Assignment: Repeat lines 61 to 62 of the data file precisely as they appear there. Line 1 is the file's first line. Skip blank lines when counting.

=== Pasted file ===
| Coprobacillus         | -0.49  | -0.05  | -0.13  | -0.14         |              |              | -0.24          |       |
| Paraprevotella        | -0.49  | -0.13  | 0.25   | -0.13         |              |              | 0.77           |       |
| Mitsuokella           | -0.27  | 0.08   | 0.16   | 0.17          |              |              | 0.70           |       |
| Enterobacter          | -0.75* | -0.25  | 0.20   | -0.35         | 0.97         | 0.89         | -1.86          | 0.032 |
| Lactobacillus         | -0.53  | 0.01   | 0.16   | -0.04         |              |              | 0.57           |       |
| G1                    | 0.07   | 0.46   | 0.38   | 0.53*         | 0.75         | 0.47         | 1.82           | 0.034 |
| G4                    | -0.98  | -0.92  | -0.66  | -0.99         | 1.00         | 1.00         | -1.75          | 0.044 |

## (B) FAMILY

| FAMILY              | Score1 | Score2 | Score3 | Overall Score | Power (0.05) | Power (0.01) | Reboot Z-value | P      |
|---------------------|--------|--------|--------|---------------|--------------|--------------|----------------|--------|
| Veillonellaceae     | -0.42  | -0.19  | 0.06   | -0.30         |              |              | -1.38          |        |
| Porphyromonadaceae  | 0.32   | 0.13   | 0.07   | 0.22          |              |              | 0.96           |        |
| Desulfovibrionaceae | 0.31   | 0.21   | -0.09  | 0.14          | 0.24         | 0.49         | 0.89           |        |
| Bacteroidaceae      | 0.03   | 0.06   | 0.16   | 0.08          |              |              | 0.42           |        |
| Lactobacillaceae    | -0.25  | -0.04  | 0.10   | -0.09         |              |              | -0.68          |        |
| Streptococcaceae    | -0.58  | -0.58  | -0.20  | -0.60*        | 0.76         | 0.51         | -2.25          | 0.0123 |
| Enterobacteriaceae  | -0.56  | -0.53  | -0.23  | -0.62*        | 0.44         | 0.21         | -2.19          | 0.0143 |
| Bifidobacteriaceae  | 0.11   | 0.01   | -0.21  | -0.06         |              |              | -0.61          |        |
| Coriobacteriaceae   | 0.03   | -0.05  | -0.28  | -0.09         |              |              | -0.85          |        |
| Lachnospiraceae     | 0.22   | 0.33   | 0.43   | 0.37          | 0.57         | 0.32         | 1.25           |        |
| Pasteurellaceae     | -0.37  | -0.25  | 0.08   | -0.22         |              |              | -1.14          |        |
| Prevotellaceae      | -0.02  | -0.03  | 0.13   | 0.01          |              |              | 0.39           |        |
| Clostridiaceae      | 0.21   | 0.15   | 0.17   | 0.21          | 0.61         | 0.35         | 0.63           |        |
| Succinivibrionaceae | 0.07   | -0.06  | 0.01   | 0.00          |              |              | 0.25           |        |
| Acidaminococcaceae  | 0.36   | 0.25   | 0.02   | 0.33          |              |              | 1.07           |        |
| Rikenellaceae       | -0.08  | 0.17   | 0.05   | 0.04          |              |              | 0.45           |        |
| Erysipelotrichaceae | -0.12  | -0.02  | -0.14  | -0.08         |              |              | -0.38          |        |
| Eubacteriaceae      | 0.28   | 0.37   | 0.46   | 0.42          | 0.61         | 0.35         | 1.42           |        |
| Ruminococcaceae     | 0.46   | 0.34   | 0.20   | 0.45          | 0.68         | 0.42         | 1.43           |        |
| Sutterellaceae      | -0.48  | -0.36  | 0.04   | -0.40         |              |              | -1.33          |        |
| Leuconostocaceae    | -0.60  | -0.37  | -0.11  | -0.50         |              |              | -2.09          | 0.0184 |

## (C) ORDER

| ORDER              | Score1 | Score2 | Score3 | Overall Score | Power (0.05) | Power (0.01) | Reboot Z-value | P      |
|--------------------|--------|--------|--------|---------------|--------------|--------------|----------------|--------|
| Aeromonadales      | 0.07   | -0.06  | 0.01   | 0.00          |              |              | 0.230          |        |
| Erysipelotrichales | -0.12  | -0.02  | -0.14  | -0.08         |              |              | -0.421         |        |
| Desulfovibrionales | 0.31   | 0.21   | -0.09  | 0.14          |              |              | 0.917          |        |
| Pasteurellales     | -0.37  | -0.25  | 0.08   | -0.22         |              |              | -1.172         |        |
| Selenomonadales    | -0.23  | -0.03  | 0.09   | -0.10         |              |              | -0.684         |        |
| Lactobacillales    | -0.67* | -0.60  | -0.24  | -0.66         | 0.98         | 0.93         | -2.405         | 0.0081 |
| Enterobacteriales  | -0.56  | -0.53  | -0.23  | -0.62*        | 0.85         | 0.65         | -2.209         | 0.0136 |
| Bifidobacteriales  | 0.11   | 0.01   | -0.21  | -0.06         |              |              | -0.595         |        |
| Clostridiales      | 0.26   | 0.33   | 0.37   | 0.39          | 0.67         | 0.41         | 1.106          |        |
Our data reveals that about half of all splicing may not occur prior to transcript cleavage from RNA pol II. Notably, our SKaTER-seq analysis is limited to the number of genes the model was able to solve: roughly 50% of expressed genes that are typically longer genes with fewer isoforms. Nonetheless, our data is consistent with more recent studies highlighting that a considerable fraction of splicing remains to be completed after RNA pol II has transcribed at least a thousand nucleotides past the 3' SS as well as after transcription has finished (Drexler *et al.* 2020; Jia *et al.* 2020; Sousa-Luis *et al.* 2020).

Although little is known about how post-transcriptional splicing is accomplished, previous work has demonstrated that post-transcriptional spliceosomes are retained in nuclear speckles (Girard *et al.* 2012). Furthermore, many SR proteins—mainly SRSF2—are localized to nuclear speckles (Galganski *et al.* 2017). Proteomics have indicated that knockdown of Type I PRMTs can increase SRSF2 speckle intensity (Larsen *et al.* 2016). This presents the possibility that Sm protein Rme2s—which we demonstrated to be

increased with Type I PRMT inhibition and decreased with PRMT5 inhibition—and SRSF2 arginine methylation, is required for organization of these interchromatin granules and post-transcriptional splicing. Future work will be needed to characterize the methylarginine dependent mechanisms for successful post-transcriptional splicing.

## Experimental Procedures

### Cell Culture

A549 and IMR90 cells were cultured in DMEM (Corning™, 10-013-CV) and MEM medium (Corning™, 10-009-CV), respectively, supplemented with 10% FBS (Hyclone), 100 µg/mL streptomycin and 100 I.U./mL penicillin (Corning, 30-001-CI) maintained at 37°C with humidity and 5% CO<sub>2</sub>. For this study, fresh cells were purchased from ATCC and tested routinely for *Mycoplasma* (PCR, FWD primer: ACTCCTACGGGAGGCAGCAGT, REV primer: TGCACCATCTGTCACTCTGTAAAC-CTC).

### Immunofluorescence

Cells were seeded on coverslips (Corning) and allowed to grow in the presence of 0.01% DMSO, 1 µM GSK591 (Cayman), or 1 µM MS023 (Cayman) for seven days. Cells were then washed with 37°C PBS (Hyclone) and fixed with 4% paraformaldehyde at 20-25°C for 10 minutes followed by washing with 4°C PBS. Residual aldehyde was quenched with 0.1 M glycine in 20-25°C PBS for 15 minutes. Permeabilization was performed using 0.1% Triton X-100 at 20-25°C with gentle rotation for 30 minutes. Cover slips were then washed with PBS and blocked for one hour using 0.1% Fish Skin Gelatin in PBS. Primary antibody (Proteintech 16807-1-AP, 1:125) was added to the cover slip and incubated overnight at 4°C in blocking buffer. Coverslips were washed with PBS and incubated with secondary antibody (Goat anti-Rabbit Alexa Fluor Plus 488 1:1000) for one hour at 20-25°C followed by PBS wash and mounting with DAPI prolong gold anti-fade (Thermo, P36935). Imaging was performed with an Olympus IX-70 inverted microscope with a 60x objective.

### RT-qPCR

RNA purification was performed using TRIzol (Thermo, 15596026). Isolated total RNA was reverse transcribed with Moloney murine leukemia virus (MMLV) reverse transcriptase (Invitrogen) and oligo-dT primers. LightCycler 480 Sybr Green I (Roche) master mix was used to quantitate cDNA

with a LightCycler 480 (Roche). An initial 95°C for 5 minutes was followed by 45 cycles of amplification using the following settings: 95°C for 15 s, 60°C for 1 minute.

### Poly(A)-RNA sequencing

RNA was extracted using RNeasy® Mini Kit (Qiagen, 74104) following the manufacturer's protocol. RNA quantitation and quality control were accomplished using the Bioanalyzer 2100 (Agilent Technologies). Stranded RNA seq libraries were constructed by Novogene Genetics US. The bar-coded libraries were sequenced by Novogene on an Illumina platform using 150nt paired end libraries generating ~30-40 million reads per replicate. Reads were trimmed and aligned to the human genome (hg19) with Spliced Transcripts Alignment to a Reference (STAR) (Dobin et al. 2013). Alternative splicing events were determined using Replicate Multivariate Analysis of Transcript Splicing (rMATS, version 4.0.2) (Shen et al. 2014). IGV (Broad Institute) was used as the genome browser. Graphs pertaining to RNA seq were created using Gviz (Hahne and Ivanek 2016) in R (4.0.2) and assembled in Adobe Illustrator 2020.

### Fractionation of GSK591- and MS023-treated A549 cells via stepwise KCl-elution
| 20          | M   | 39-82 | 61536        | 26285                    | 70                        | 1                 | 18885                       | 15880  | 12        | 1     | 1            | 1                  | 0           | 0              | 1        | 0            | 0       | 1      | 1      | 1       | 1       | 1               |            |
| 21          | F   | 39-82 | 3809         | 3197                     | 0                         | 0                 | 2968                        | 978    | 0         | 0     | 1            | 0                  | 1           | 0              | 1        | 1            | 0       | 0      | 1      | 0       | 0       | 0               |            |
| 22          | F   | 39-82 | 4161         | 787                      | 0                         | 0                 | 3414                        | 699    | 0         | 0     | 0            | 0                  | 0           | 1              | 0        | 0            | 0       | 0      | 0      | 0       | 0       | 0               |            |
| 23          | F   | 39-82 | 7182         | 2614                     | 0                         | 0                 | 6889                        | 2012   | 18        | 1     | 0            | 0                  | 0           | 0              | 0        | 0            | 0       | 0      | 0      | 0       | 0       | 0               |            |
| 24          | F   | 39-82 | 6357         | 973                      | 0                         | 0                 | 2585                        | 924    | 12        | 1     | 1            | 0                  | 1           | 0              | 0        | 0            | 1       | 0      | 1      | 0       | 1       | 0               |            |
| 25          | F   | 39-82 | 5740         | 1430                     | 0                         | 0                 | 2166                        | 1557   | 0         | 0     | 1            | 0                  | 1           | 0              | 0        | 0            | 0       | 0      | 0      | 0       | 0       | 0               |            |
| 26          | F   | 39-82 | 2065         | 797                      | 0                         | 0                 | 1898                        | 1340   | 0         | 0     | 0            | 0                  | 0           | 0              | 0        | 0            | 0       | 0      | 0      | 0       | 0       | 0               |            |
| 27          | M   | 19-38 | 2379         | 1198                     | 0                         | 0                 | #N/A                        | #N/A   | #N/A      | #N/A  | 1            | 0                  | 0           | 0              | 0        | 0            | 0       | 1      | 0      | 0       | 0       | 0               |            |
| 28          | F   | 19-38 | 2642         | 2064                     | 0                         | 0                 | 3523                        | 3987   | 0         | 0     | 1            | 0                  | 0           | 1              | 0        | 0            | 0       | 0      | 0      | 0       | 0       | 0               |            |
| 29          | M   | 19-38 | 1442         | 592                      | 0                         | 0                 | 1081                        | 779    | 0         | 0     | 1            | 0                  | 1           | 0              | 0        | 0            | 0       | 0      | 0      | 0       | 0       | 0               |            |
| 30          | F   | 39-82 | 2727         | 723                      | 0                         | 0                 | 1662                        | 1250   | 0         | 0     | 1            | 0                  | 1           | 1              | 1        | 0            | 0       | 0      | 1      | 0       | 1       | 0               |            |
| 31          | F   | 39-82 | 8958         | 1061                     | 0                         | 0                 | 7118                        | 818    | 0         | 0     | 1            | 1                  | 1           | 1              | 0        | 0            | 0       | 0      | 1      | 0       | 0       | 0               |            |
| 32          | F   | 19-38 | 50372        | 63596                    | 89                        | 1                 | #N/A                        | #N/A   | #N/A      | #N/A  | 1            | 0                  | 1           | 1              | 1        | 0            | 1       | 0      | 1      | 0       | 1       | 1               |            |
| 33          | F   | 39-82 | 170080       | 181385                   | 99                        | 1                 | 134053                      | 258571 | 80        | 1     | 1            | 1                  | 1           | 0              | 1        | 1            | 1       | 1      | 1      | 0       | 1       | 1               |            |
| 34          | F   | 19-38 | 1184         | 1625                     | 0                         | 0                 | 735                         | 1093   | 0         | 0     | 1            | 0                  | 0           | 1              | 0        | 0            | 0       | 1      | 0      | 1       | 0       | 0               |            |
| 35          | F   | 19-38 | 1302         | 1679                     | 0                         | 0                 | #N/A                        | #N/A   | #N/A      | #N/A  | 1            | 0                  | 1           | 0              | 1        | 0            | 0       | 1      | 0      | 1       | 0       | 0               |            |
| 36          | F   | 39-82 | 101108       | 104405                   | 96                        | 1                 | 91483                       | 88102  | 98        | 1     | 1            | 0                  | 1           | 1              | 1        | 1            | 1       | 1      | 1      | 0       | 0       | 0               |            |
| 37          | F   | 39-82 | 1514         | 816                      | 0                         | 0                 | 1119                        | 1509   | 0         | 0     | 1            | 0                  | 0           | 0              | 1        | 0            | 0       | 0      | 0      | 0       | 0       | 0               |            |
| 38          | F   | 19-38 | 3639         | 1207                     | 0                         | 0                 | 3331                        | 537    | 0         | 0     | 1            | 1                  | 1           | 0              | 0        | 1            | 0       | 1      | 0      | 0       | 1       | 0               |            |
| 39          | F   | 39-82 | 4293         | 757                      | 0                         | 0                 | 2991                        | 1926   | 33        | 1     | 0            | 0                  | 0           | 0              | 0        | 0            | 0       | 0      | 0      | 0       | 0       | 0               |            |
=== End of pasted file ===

| 23          | F   | 39-82 | 7182         | 2614                     | 0                         | 0                 | 6889                        | 2012   | 18        | 1     | 0            | 0                  | 0           | 0              | 0        | 0            | 0       | 0      | 0      | 0       | 0       | 0               |            |
| 24          | F   | 39-82 | 6357         | 973                      | 0                         | 0                 | 2585                        | 924    | 12        | 1     | 1            | 0                  | 1           | 0              | 0        | 0            | 1       | 0      | 1      | 0       | 1       | 0               |            |